Do you know that one out of every 300 dogs is diagnosed with diabetes?
In the United States, diabetes has become alarmingly common in canines with a rise of nearly 80% cases over the decade. Luckily, science has made huge advancements with medication, and dogs with diabetes are living healthier and longer lives today.
This little piece of information is probably enough to answer your question “Can dogs get diabetes?” Yes, dogs can get diabetes. Dog diabetes or Canine diabetes is caused when a dog’s body cannot produce enough insulin, or the insulin it produces isn’t consumed properly.
To know more about Canine Diabetes, we must know about diabetes in the first place.
What Is Diabetes?
Diabetes (clinical name: Diabetes mellitus) is a chronic disease that occurs when the body cannot use glucose normally.
Glucose is the primary source of energy for the body’s cells. Think of it this way: glucose for the body is like fuel for cars. To control the level of glucose in the blood, the pancreas produces a hormone called Insulin. Now, when we eat food, the sugar content is transported to the intestine and is converted into glucose. With the help of insulin, the glucose is then circulated and delivered from the bloodstream to the cells. If the body doesn’t contain enough insulin or cannot use the insulin produced, the glucose builds up in the blood. This causes the sugar level in the blood to rise and the result is Diabetes.
In simpler terms, when the relationship between glucose and insulin gets “complicated”, the body suffers from diabetes.
Now, let us discuss Canine Diabetes in detail.
Diabetes in Dogs: Canine Diabetes / Can Dogs Get Diabetes?
Yes, dogs can get diabetes. Canine Diabetes is caused when a dog’s body cannot produce enough insulin, or the insulin it produces isn’t consumed properly. The whole glucose and insulin process in dogs is the same as humans. When insulin isn’t produced by the pancreas or when the dog’s body is unable to use the existing insulin properly, the glucose isn’t circulated either. The sugar level rises in the dog’s bloodstream, making them diabetic.
Type of Diabetes in Dogs
You may have heard that a human body is subject to Type 1 and Type 2 diabetes. In the case of dogs, however, there is no such thing as type 1 or type 2 diabetes. The United Kingdom’s Royal Veterinary College recognizes the following two types of diabetes in dogs:
- Insulin-Deficiency Diabetes (IDD)
- Insulin-Resistance Diabetes (IRD)
Insulin-Deficiency Diabetes (IDD)
Insulin-deficiency diabetes (IDD) is when the dog’s body is not capable of producing insulin required for the body. This can happen if the dog’s pancreas isn’t functioning properly or otherwise, damaged. If your dog is diagnosed with IDD, they are going to need a daily shot of insulin.
Insulin-Resistance Diabetes (IRD)
Insulin-resistance diabetes (IRD) is when the dog’s body is not making use of the insulin produced by the pancreas. As a result, the glucose is not circulated and the sugar level keeps rising in the blood. IRD can be seen most commonly in obese and older dogs.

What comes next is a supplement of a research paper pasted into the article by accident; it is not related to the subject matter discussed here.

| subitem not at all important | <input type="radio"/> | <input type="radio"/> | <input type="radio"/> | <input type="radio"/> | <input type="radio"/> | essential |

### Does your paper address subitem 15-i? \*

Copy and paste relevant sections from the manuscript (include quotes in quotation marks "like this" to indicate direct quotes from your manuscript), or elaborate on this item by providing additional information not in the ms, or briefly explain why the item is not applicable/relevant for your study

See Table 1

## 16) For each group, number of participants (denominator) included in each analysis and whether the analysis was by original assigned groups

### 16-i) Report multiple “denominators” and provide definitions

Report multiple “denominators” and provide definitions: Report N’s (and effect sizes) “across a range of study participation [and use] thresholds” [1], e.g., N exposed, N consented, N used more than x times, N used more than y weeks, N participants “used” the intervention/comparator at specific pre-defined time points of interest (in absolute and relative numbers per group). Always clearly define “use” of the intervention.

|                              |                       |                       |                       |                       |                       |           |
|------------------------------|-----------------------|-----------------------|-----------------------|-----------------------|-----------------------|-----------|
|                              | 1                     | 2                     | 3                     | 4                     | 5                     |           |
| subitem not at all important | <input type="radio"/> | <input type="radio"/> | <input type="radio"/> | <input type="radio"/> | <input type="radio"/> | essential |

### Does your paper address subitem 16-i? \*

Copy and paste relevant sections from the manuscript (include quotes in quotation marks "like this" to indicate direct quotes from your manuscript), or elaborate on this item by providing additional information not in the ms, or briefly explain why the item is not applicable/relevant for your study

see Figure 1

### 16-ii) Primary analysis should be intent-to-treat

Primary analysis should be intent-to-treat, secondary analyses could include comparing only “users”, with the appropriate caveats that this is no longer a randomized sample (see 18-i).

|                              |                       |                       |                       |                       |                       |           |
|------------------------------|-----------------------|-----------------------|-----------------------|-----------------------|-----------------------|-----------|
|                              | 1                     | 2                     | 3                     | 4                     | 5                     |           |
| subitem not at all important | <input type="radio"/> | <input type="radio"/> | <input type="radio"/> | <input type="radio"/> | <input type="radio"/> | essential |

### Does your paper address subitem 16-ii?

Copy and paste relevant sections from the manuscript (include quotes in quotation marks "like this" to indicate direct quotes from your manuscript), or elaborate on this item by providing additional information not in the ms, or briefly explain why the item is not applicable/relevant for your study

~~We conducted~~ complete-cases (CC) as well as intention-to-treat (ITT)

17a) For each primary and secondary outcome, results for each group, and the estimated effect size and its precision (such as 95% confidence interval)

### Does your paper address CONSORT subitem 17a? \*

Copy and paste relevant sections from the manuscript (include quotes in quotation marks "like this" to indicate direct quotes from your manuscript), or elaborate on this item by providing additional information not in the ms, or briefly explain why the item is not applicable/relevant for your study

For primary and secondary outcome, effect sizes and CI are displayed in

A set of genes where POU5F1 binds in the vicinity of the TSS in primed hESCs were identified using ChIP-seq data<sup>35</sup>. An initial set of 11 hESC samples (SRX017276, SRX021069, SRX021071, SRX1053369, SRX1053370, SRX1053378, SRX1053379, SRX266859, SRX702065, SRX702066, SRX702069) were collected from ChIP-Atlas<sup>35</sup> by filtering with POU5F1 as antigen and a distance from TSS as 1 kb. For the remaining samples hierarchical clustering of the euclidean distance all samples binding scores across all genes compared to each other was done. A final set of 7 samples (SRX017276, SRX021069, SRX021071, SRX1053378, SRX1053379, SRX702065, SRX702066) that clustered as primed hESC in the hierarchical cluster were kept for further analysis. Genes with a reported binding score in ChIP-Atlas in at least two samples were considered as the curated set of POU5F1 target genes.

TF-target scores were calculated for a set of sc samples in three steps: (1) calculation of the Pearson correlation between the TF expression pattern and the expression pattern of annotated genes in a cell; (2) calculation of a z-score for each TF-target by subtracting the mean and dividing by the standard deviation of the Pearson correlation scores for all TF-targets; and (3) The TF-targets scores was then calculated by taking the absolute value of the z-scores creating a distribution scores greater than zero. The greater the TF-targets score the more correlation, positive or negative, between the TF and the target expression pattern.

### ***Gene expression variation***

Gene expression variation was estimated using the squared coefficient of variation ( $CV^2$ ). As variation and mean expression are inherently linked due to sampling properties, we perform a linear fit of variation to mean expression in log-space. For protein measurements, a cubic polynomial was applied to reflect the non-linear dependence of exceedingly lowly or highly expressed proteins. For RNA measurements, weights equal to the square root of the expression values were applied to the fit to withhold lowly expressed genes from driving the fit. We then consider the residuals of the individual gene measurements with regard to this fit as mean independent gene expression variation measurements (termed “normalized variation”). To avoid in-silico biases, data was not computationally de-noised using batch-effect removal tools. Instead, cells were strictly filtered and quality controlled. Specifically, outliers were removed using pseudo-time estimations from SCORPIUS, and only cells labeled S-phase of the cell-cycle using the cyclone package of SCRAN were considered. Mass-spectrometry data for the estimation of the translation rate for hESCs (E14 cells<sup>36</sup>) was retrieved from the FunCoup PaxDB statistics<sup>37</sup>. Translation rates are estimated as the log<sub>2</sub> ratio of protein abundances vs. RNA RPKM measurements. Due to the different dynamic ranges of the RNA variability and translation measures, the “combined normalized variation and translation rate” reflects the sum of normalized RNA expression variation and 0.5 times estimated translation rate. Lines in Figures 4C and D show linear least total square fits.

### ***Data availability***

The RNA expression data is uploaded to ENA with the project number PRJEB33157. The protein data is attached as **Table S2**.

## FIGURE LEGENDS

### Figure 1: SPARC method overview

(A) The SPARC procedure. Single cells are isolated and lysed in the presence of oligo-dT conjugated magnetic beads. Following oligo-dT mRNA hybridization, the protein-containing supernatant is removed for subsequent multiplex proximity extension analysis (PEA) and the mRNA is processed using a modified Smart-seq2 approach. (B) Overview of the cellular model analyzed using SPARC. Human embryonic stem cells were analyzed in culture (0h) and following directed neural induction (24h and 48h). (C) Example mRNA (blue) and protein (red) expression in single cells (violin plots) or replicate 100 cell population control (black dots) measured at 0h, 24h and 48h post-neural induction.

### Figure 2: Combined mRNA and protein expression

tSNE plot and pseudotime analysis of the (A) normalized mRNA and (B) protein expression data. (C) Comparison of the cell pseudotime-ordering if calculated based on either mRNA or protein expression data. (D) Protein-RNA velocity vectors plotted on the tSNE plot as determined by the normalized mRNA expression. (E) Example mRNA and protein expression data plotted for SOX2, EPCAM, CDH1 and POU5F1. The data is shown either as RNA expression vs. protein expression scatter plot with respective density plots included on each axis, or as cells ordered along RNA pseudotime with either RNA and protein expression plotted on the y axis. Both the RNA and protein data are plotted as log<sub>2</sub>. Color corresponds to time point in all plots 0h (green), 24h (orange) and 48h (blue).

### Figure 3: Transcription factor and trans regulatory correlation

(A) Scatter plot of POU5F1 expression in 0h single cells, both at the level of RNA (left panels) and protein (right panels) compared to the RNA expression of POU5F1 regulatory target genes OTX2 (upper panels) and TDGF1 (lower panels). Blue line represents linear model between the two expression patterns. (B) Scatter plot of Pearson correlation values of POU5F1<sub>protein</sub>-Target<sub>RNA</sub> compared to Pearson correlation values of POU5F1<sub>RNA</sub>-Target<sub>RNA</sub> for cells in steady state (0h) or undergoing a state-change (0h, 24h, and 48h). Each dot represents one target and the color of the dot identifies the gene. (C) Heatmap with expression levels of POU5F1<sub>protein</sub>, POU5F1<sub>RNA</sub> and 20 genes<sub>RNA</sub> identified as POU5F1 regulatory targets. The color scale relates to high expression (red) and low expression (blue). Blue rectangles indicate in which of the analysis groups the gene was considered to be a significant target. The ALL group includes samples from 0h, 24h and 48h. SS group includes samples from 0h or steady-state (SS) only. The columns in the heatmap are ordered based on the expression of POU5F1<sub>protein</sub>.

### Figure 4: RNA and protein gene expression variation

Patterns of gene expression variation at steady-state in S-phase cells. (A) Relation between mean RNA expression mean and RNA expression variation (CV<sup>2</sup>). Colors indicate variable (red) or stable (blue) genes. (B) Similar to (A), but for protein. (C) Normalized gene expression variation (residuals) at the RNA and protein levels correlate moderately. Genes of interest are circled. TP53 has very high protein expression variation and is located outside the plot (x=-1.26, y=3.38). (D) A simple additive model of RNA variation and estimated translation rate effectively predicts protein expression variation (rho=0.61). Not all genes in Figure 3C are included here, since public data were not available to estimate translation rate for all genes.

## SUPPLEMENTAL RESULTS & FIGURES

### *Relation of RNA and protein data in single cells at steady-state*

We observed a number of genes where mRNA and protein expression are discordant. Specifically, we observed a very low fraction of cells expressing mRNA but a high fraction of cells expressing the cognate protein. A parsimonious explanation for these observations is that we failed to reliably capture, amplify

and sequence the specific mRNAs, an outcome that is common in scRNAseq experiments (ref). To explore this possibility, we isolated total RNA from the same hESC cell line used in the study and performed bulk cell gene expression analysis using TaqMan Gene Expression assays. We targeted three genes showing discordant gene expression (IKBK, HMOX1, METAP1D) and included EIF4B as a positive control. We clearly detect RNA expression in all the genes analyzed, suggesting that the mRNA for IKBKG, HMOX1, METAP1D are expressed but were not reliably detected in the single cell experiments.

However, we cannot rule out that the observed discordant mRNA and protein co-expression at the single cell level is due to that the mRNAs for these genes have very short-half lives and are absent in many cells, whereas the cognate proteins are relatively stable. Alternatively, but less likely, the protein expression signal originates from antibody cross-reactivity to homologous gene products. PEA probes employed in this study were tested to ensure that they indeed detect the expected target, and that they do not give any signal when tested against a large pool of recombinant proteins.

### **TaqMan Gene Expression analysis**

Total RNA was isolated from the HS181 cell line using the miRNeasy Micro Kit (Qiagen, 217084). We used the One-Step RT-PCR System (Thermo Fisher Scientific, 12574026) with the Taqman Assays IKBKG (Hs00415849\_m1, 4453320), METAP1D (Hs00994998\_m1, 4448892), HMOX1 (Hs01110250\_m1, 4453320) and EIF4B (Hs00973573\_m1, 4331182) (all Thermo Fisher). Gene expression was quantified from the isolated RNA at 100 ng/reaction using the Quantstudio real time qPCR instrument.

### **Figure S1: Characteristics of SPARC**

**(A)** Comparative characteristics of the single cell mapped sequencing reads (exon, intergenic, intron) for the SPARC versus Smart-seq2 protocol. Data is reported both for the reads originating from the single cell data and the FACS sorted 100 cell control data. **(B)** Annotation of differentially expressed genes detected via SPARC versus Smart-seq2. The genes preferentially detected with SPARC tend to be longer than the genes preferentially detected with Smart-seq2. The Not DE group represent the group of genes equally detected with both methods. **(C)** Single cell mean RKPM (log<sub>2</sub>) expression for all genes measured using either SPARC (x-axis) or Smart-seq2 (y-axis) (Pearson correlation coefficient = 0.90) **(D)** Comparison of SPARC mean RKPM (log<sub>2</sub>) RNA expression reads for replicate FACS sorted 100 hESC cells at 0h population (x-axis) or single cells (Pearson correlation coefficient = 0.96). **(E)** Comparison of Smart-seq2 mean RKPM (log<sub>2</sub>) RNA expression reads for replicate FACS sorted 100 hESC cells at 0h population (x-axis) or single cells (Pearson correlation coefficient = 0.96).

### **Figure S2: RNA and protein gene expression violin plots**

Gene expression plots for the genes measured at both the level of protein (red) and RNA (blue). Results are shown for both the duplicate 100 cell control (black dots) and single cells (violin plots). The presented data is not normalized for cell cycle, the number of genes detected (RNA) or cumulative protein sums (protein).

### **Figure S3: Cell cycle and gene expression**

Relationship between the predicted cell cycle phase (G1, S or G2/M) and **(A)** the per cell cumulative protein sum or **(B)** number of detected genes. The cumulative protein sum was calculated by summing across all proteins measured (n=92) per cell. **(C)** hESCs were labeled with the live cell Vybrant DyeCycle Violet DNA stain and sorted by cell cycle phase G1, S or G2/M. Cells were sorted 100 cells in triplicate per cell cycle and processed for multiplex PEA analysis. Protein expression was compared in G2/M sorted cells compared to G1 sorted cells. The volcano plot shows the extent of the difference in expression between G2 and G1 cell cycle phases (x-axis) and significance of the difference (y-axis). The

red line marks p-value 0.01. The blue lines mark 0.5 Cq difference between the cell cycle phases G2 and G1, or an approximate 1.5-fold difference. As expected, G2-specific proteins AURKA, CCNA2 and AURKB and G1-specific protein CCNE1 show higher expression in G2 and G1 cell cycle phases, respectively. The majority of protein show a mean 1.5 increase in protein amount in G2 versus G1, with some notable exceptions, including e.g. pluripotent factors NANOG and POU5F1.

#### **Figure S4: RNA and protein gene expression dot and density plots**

Symptoms of Diabetes in Dogs
There are a lot of similarities in the symptoms of diabetes as seen in humans and dogs.
Symptoms in a diabetic dog include:
- Increased thirst: You may notice that your dog is emptying the water can more often.
- Excessive urination: Your dog can be seen going outside to pee frequently or even having a “little accident” inside the house.
- Weight loss: Your pooch might be eating a normal amount of food, but you may notice them losing significant weight.
- Increase in appetite: Your dog may feel hungry all the time, even though you feed him normal portions of food at regular intervals.
- Lack of energy: You may see your dog looking fragile and tired all the time.
- Sweet-smelling breath: A sweet, fruity odor in the breath can be a sign of diabetes in dogs.
- Cloudy eyes: If diabetes goes undiagnosed in a dog for a long time, cataracts, a condition which forms a dense, cloudy area in the lens of the eye, can be found. This can eventually lead to blindness.
Effects of Diabetes in Dogs
When dogs develop diabetes, vital cell organs get deprived of glucose, and the dog’s body starts breaking down its protein and fat, as an alternative energy source for the body. Unfortunately, this odd system doesn’t go well with other organs and ultimately causes multi-organ failure. Damage can be seen in organs like the heart, kidneys, blood vessels, nerves, or eyes.
Diabetes in Dogs can exhibit the following effects:
- Urine infections
- Inflamed liver
- Kidney failure
- Ketoacidosis (a highly dangerous condition where the amount of acid in the blood is increased abnormally, due to the presence of ketone bodies)
Diagnosis of Diabetes in Dogs
If you find any or all of the above symptoms in your furry friend, take him to your veterinarian immediately.
Your vet will do simple tests to see whether or not your dog has diabetes. This includes a blood test and urine test to find out the excessive glucose content in the body.
With early diagnosis and treatment, there is a high chance that your dog lives a long and healthy life. So, it’s really important that you recognize the symptoms and take action without wasting any time.
Cure for Diabetes in Dogs
Unfortunately, no cure is available for diabetes in dogs. Just like with humans, diabetic dogs will have to live with this disease throughout their life. But, don’t be disheartened. Canine diabetes is completely manageable and with the right treatment, any diabetic dog will be able to live a long and blissful life.
Treatment for Diabetes in Dogs